Through them all, as a myriad of admiring fellow composers say, North maintained his always-recognizably-Alex, Classically trained but Jazz-influenced composing style, sparking and burning creatively, reaching deep down into the interior lives of each movie's characters and then expressing them in music. Nominated for the Film Score Academy Award 14 times but never actually the winner, North was finally accorded a Lifetime Achievement Oscar by the Academy in 1986. (Only two have ever been awarded, with Ennio Morricone the second recipient.)
And then there was Spartacus, a film and score that for five decades has lived more in the imagination of fans than on the screen or phonograph (much less CD player). But Varese Sarabande will soon change all that by at last releasing a 6CD and single DVD box set purporting to contain absolutely every mono or stereo note considered, recorded, re-recorded, forgotten, or rescued (that would be the first four CDs), plus a two-hour documentary allowing other composers to discuss North, plus a 160-page book, and finally also--yes, you thinking Jazz fans--two individual CDs devoted to newly recorded and older classic performances of the single most famous portion of North's score, that beautiful melody usually called "The Spartacus Love Theme." The CDs will house 22 versions played, or arranged and led, by Jazz musicians and soundtrack people alike, ranging from Bill Evans' amazing overdubbed-pianos take (and a second Evans performance with flautist Jeremy Steig), to the new 12-flute arrangement by film composer Alexandre Desplat.
Shades of that Fifties LP devoted solely to a dozen performances of "Lullaby of Birdland"! (Or was it "... Broadway"?) And of the "one-drop" rhythm-and-tune albums common to Reggae that I've written about lately. Well, there should be something for every film score buff or Jazz fan when the line-up reads like this: Jazz musicians Yusef Lateef, Ramsey Lewis, Jeremy Steig, Gabor Szabo and, of course, Bill Evans; Jazz-oriented player-composers Nathan Barr, Dave Grusin, and Lalo Schifrin; crossover artists Regina Carter, Carlos Santana, and Richard Stoltzman; working soundtrack composers John Debney, Alexandre Desplat, Patrick Doyle, Mark Isham, Diego Navarro, and Brian Tyler; distinguished conductors John Mauceri, Joel McNeely, and Eric Stern; plus a few others whose categories I don't know. (The DVD documentary also adds David Newman, John Williams, Christopher Young, and a host of others eager to praise Alex.)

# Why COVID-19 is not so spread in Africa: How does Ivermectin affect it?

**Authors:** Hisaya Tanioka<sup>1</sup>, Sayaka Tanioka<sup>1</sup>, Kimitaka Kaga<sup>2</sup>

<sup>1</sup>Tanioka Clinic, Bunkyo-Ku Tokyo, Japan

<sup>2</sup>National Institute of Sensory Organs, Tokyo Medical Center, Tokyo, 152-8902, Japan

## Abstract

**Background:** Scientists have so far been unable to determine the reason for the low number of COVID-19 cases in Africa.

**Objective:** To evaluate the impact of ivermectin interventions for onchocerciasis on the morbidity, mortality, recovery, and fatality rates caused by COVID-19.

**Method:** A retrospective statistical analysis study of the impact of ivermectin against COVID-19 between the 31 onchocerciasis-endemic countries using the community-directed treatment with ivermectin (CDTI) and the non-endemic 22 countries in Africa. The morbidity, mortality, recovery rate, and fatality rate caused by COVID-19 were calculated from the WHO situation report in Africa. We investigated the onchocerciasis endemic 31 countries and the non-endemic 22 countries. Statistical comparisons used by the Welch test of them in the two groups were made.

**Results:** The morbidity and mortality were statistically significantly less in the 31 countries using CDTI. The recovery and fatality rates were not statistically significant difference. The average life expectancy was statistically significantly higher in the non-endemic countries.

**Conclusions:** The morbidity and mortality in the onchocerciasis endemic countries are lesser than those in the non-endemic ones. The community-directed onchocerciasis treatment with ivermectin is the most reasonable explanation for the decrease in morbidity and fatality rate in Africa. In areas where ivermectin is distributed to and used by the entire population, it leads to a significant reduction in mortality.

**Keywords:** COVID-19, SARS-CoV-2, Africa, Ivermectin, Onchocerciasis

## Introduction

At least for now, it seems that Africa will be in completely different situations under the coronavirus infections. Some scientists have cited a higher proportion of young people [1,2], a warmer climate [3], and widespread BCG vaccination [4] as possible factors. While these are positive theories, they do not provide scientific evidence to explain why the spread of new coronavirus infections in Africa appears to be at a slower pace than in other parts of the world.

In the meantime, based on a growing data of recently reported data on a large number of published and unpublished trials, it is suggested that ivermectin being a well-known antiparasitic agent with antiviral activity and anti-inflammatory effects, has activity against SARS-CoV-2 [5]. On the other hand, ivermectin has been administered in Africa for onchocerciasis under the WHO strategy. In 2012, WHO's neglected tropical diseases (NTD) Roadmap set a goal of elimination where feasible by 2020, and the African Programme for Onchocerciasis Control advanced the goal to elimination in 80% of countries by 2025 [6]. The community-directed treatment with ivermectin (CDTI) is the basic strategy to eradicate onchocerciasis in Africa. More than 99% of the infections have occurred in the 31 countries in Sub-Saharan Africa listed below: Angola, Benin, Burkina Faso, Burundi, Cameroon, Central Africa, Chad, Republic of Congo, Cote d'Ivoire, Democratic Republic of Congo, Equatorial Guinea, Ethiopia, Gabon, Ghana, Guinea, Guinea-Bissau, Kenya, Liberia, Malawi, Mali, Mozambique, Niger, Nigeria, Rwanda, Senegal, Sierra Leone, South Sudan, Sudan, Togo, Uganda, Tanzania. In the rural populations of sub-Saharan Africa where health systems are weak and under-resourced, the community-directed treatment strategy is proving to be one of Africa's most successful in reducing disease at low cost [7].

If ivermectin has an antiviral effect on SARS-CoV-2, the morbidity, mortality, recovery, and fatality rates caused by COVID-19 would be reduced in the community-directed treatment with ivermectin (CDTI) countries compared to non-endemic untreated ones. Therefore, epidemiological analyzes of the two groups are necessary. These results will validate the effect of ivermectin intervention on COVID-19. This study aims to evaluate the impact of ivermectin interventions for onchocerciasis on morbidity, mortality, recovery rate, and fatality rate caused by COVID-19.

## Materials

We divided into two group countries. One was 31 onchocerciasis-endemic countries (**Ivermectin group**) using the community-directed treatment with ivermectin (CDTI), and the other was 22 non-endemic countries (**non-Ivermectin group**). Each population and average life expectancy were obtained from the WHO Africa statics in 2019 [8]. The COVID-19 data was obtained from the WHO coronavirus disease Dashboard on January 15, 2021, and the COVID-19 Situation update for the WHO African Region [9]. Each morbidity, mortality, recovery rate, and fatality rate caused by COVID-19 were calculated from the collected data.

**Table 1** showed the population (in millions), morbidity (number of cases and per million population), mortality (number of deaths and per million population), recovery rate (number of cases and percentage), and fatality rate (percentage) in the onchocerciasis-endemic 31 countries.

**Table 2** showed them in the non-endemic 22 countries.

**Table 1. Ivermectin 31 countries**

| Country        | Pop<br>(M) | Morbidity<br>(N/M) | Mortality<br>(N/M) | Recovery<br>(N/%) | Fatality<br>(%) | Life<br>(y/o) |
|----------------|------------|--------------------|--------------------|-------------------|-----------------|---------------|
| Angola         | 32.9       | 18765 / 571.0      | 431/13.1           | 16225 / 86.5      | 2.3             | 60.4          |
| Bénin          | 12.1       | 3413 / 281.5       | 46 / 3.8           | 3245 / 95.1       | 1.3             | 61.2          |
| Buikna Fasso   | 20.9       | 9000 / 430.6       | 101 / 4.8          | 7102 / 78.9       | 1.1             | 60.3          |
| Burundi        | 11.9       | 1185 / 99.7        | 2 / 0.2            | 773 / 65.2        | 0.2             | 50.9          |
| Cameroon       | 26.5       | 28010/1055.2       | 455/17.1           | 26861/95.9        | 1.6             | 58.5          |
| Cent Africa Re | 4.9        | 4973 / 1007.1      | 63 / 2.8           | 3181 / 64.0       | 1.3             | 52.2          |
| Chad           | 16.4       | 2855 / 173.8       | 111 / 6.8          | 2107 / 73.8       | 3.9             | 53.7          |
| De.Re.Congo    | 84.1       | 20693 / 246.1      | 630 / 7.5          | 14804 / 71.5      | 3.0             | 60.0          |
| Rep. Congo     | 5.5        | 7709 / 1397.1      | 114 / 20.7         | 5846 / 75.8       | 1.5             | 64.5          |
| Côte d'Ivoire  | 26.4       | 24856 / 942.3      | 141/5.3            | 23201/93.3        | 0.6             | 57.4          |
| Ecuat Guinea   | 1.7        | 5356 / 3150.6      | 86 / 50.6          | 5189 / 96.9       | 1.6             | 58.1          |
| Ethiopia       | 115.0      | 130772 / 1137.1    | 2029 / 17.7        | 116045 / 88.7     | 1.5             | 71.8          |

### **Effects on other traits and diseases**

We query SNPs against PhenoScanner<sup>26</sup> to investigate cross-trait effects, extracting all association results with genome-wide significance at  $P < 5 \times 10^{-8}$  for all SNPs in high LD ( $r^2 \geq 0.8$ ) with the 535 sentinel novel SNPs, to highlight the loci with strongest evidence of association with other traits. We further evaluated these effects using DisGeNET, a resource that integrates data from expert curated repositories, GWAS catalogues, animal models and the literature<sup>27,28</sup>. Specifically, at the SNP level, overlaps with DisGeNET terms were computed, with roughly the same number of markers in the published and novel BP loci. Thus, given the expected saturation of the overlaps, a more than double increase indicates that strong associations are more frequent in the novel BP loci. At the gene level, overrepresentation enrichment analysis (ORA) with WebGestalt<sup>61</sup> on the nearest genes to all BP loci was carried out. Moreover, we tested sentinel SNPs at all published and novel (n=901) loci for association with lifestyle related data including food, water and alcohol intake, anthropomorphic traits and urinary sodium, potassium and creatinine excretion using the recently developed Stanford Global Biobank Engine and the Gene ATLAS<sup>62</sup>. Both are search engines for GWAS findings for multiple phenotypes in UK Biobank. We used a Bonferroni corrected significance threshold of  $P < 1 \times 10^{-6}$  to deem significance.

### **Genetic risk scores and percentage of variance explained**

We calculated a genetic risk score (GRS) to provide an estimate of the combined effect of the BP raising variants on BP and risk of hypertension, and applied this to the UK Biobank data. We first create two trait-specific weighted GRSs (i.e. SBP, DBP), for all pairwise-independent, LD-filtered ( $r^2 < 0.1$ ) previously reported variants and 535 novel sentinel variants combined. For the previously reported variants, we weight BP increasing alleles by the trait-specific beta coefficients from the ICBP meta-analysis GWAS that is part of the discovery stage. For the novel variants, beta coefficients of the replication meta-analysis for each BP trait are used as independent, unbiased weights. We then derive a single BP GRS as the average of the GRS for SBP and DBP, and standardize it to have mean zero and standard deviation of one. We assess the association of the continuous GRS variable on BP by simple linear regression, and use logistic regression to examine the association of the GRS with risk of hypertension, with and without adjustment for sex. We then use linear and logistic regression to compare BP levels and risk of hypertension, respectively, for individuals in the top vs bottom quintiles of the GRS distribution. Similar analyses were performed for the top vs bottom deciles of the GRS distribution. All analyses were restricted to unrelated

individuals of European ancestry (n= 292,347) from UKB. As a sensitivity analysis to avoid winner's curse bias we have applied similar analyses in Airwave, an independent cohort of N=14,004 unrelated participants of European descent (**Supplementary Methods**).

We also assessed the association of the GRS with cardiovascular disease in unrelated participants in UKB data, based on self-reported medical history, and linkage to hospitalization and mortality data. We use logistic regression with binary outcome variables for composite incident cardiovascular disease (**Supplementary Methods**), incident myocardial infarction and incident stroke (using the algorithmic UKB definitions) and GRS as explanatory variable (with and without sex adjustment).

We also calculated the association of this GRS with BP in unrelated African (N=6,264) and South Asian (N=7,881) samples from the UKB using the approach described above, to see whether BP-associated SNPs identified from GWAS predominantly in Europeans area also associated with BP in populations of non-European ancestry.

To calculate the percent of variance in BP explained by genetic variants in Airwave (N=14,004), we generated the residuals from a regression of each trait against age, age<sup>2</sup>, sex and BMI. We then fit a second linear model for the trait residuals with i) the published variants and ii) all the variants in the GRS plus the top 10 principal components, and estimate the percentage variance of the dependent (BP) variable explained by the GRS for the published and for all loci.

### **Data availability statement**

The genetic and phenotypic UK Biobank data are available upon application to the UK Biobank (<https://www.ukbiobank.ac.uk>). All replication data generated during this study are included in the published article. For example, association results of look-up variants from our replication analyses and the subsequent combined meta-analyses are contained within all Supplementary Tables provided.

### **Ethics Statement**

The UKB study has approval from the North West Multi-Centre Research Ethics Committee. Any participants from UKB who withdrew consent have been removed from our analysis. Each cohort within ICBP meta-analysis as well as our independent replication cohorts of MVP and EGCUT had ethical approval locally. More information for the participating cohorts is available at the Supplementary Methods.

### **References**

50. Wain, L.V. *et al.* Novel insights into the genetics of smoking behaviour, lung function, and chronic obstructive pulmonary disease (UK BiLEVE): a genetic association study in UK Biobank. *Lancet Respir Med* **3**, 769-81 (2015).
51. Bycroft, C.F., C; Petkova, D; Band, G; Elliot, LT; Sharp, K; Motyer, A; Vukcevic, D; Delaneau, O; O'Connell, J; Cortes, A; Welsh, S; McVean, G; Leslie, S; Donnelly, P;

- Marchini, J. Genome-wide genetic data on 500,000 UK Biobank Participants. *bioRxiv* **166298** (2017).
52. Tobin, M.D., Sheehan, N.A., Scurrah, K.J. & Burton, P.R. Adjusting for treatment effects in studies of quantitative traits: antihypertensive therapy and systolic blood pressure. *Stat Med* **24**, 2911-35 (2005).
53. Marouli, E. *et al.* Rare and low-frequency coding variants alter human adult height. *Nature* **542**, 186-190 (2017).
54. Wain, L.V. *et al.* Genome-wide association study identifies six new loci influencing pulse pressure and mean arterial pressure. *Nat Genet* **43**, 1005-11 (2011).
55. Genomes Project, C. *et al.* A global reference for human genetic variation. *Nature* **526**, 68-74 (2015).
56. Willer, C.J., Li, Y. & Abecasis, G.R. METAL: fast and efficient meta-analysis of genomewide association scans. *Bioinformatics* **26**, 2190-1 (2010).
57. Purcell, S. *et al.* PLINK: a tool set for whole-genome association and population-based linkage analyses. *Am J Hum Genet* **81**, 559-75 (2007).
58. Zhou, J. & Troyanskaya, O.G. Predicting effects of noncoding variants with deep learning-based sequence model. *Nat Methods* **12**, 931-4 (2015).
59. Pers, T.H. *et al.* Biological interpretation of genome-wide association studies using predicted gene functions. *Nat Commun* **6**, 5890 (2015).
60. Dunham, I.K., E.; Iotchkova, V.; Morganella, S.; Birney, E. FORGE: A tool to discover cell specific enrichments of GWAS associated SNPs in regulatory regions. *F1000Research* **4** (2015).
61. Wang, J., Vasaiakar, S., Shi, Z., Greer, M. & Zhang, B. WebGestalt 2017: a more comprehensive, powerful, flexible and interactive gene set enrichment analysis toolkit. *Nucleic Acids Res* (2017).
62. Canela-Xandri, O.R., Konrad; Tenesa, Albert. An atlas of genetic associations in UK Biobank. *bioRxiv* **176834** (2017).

So: an auspicious occasion, North's 100th birthday and the approximate 50th anniversary of the film, answered by his friend, producer Robert Townson (whose 1000th album produced this is!) with the most elaborate presentation and package ever accorded a single film score. Townson had promised North that someday he would restore and release the Spartacus soundtrack (as he managed to do for the 2001 music), but the soon-to-be-available result must surpass all imagined possibilities.
I'm willing to pay the hundred-dollar freight to see and hear this astonishing tribute and restoration. Anyone curious or similarly convinced should go here to learn more.